by Paul Bond
EarlyShares CEOs - H 2013
EarlyShares CEO Joanna Schwartz and co-founder/chairman Stephen Temes

The measure could give filmmakers access to $300 billion from regular Joes with net worth over $1 million who can own part of the movies they fund — unlike Kickstarter.

This story first appeared in the Aug. 16 issue of The Hollywood Reporter magazine.

Like many filmmakers, Spike Lee is using Kickstarter, in his case, to raise $1.25 million for his next project. A $10 donation gets you an autographed postcard, for $1,000 you can be an extra, and for $10,000 he’ll take you to dinner and a Knicks game. But one thing Lee and others who raise money through crowdfunding cannot offer — because it is illegal — is a share of profits should the movie be a hit. That, though, is about to change, paving the way for a revolution in “equity crowdfunding” that could give filmmakers access to big money from small investors hoping to make a buck in a glamorous industry.
The change is coming courtesy of the Jumpstart Our Business Startups Act, which President Obama signed into law in April 2012 with the hope that removing some Depression-era restrictions on how fledgling businesses raise money could boost the economy. The first of the new rules is set to go into effect Sept. 23, and several players are gearing up for them.
While Kickstarter has no plans for equity crowdfunding, rival Indiegogo does. It will have competition from upstarts EarlyShares, Crowdfunder, Slated and several others.
Here’s how it works: Now, startups are required to pitch investment opportunities to individuals rather than broadcast them to the masses. But Title II of the JOBS Act allows those seeking money to advertise investment opportunities on TV or via Facebook or Twitter — wherever, including at crowdfunding sites.
Potential investors must be “accredited,” defined as an individual (or married couple) with a net worth of $1 million excluding their primary residence or an income exceeding $200,000 in the two most recent years ($300,000 for a couple). Under those rules, about 9 million Americans qualify. “It opens up access to a lot of capital for filmmakers,” says Jason Best, co-founder of Crowdfund Capital Advisors. “There’s a lot of people who are passionate about film but can’t make one themselves, but they want to be a part of one. Soon, they can.”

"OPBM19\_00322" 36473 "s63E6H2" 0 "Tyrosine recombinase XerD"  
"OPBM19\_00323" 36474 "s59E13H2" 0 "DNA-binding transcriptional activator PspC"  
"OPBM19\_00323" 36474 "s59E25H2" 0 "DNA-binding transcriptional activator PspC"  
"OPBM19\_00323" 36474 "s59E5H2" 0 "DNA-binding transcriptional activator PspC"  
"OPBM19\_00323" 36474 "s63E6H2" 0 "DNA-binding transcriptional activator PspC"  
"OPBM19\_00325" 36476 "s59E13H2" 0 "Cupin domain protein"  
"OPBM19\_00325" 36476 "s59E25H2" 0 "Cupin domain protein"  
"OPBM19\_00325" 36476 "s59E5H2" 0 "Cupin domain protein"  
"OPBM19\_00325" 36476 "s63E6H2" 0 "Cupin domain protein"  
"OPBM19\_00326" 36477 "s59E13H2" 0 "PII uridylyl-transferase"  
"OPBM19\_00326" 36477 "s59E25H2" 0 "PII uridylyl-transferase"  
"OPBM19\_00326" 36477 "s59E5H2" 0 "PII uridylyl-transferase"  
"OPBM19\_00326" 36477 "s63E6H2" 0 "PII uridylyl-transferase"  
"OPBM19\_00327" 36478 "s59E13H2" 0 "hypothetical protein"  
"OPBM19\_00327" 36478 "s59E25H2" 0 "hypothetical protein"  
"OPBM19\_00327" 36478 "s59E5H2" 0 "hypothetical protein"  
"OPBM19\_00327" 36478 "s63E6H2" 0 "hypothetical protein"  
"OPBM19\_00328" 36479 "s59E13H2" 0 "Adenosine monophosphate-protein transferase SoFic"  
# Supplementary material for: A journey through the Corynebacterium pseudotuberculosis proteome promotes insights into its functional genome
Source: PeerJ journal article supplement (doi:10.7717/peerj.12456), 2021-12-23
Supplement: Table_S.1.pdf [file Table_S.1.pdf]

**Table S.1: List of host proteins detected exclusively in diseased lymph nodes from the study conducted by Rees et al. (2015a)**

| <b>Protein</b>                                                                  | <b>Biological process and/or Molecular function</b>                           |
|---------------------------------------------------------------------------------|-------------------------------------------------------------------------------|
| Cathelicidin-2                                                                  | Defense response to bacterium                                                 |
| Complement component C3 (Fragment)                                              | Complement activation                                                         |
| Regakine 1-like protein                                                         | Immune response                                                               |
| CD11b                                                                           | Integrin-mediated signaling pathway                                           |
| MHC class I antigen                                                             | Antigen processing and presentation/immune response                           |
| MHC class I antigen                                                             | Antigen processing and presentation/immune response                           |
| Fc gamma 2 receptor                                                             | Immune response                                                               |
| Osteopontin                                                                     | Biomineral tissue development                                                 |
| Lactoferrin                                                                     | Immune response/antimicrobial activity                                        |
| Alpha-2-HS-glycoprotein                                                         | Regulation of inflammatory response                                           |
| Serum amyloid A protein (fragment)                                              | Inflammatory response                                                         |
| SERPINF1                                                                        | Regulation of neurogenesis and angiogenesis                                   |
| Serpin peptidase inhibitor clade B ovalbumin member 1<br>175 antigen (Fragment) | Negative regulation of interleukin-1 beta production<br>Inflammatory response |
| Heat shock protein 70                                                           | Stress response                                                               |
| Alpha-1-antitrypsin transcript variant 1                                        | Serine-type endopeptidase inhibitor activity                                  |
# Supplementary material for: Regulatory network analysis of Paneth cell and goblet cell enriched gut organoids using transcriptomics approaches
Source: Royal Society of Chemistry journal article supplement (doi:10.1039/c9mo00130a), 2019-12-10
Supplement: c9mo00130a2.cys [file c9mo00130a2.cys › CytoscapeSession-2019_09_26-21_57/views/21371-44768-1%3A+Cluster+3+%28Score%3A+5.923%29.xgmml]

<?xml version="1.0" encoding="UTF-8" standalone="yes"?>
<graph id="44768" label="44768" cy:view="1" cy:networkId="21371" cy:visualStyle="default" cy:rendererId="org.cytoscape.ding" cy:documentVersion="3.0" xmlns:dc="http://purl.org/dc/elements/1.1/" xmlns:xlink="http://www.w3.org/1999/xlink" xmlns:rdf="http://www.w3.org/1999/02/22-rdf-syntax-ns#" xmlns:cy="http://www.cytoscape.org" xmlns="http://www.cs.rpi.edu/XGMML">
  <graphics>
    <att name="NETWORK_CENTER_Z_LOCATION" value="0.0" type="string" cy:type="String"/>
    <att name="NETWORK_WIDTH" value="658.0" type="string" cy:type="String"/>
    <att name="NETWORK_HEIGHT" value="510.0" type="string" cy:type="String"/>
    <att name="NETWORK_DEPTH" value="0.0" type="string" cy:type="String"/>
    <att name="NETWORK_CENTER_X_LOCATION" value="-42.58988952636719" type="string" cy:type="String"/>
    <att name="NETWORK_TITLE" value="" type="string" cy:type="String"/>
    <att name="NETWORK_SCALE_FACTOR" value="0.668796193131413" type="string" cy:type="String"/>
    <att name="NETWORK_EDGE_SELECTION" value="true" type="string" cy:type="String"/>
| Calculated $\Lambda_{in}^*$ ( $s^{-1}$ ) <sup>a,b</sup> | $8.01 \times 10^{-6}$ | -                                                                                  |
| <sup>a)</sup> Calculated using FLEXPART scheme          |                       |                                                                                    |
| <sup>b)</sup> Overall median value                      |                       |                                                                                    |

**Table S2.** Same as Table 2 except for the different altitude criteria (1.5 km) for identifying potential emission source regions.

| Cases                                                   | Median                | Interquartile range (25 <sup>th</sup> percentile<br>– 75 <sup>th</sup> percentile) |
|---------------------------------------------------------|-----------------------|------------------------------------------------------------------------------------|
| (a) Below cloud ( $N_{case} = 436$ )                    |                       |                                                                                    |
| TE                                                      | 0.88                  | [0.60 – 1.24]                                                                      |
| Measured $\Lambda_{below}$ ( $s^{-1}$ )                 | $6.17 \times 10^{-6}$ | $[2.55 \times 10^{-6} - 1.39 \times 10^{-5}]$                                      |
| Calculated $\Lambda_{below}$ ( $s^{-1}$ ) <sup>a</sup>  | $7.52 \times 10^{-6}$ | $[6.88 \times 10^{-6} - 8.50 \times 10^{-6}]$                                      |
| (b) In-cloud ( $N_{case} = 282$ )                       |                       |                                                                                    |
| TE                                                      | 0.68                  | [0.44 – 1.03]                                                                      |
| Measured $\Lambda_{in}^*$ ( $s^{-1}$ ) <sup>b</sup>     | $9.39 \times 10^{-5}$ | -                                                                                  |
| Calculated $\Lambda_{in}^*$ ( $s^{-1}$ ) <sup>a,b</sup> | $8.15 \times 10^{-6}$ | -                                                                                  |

Even “unaccredited” investors ultimately can participate via Title III, which should go into effect in 2014. Individuals with a net worth or annual income of $100,000 can invest 10 percent of their income, and those with a net worth or income less than that may invest up to 5 percent or $2,000, whichever is greater. (A filmmaker will be able to raise only up to $1 million a year per film from these investors.)
Even with the restrictions, Best estimates that the equity crowdfunding market could reach $4 billion in four years, with a nice chunk of that going to filmmakers.
Critics might balk at novices investing in film, especially considering Hollywood’s notoriously opaque accounting practices. But Jennifer Anderson, COO of crowdfunding player Slated, says sufficient safeguards still are in place. “Some people view the restrictions as onerous, so anyone going through the trouble of meeting them will probably be viewed as legitimate,” says Anderson. “Most people don’t want to voluntarily engage with the SEC.”
Still, filmmakers basically can set their own rules, including minimum investments and the structure of profit participation. Some could choose simplified metrics such as paying investors based on box office, while others might draft more complex profit definitions typically used by Hollywood studios.
EarlyShares, based in Miami, already has partnered with 5X5 Media, a film and TV studio that will use EarlyShares to equity-crowdfund two microbudget movies this year. 5X5 CEO Guy Zajonc envisions at least two per year for the foreseeable future, with investors offered 50 percent of profits in perpetuity.
In the future, predicts EarlyShares chairman Stephen Temes, “The audience will see a trailer and not only say, ‘Wow, that looks great. I’d like to see it,’ but also, ‘That looks like such a great movie, I want to invest my hard-earned money into it.’ ” Temes says most filmmakers will require that accredited investors put up a minimum of $1,000 or much more but will set minimums far lower for unaccredited investors (perhaps $100) in hopes of attracting 2,000 investors who will become marketing evangelists. His firm will take up to an 8 percent fee for the movies it crowdfunds.
Chicago attorney Corky Kessler of Deutsch, Levy & Engel already has lined up entertainment clients to pursue equity crowdfunding. Jeff Kehe is hoping to raise as much as $5 million to make a movie calledA Gringo Walks Into a Cantina. “Independent filmmakers have had to rely on rich uncles and outright donations,” says Kehe. “Now we’re on an even playing field with actual entrepreneurs.”
When Title II kicks in, another company called Crowdfunder will have 500 accredited investors lined up with $200 million to spend, and CEO Chance Barnett is predicting his investors will plunk down $20 million to $30 million in 18 months to fund film projects.
“There is $30 trillion in total personal savings and investment accounts in the U.S. If equity crowdfunding captures 1 percent, that represents $300 billion,” says Barnett.
He even sees opportunity for larger studios: “They can offload some risk while also marketing their film, with thousands of people talking about it while it’s still in the funding stage.”
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